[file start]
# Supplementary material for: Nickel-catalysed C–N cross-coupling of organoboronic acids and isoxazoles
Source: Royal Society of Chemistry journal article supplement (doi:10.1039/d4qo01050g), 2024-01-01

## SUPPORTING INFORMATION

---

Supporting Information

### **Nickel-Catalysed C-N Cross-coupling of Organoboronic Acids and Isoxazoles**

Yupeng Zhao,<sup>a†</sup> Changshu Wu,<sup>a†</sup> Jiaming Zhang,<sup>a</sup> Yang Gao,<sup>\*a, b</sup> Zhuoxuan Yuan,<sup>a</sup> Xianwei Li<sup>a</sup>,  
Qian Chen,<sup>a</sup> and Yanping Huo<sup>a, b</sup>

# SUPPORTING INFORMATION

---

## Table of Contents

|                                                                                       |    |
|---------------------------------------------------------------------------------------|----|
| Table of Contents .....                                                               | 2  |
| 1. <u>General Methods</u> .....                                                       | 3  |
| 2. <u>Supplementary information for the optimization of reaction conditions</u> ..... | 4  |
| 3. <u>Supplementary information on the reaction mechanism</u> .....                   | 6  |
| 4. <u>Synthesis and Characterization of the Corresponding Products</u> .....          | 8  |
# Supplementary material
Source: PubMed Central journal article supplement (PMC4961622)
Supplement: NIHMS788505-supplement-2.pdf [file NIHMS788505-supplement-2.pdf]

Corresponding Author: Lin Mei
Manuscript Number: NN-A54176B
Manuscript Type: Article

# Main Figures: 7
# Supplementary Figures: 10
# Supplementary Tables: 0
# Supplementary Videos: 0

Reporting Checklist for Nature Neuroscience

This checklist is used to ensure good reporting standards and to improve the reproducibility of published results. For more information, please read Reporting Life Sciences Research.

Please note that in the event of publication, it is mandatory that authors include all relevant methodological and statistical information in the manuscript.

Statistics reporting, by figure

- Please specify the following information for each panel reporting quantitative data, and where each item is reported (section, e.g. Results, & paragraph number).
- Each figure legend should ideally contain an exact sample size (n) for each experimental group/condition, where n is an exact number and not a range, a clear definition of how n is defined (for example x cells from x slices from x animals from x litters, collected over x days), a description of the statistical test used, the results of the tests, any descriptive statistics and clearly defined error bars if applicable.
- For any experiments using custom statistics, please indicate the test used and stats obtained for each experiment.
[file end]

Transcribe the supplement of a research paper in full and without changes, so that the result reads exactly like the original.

# Supplementary material for: Nickel-catalysed C–N cross-coupling of organoboronic acids and isoxazoles
Source: Royal Society of Chemistry journal article supplement (doi:10.1039/d4qo01050g), 2024-01-01

## SUPPORTING INFORMATION

---

Supporting Information

### **Nickel-Catalysed C-N Cross-coupling of Organoboronic Acids and Isoxazoles**

Yupeng Zhao,<sup>a†</sup> Changshu Wu,<sup>a†</sup> Jiaming Zhang,<sup>a</sup> Yang Gao,<sup>\*a, b</sup> Zhuoxuan Yuan,<sup>a</sup> Xianwei Li<sup>a</sup>,  
Qian Chen,<sup>a</sup> and Yanping Huo<sup>a, b</sup>

# SUPPORTING INFORMATION

---

## Table of Contents

|                                                                                       |    |
|---------------------------------------------------------------------------------------|----|
| Table of Contents .....                                                               | 2  |
| 1. <u>General Methods</u> .....                                                       | 3  |
| 2. <u>Supplementary information for the optimization of reaction conditions</u> ..... | 4  |
| 3. <u>Supplementary information on the reaction mechanism</u> .....                   | 6  |
| 4. <u>Synthesis and Characterization of the Corresponding Products</u> .....          | 8  |
# Supplementary material
Source: PubMed Central journal article supplement (PMC4961622)
Supplement: NIHMS788505-supplement-2.pdf [file NIHMS788505-supplement-2.pdf]

Corresponding Author: Lin Mei
Manuscript Number: NN-A54176B
Manuscript Type: Article

# Main Figures: 7
# Supplementary Figures: 10
# Supplementary Tables: 0
# Supplementary Videos: 0

Reporting Checklist for Nature Neuroscience

This checklist is used to ensure good reporting standards and to improve the reproducibility of published results. For more information, please read Reporting Life Sciences Research.

Please note that in the event of publication, it is mandatory that authors include all relevant methodological and statistical information in the manuscript.

Statistics reporting, by figure

- Please specify the following information for each panel reporting quantitative data, and where each item is reported (section, e.g. Results, & paragraph number).
- Each figure legend should ideally contain an exact sample size (n) for each experimental group/condition, where n is an exact number and not a range, a clear definition of how n is defined (for example x cells from x slices from x animals from x litters, collected over x days), a description of the statistical test used, the results of the tests, any descriptive statistics and clearly defined error bars if applicable.
- For any experiments using custom statistics, please indicate the test used and stats obtained for each experiment.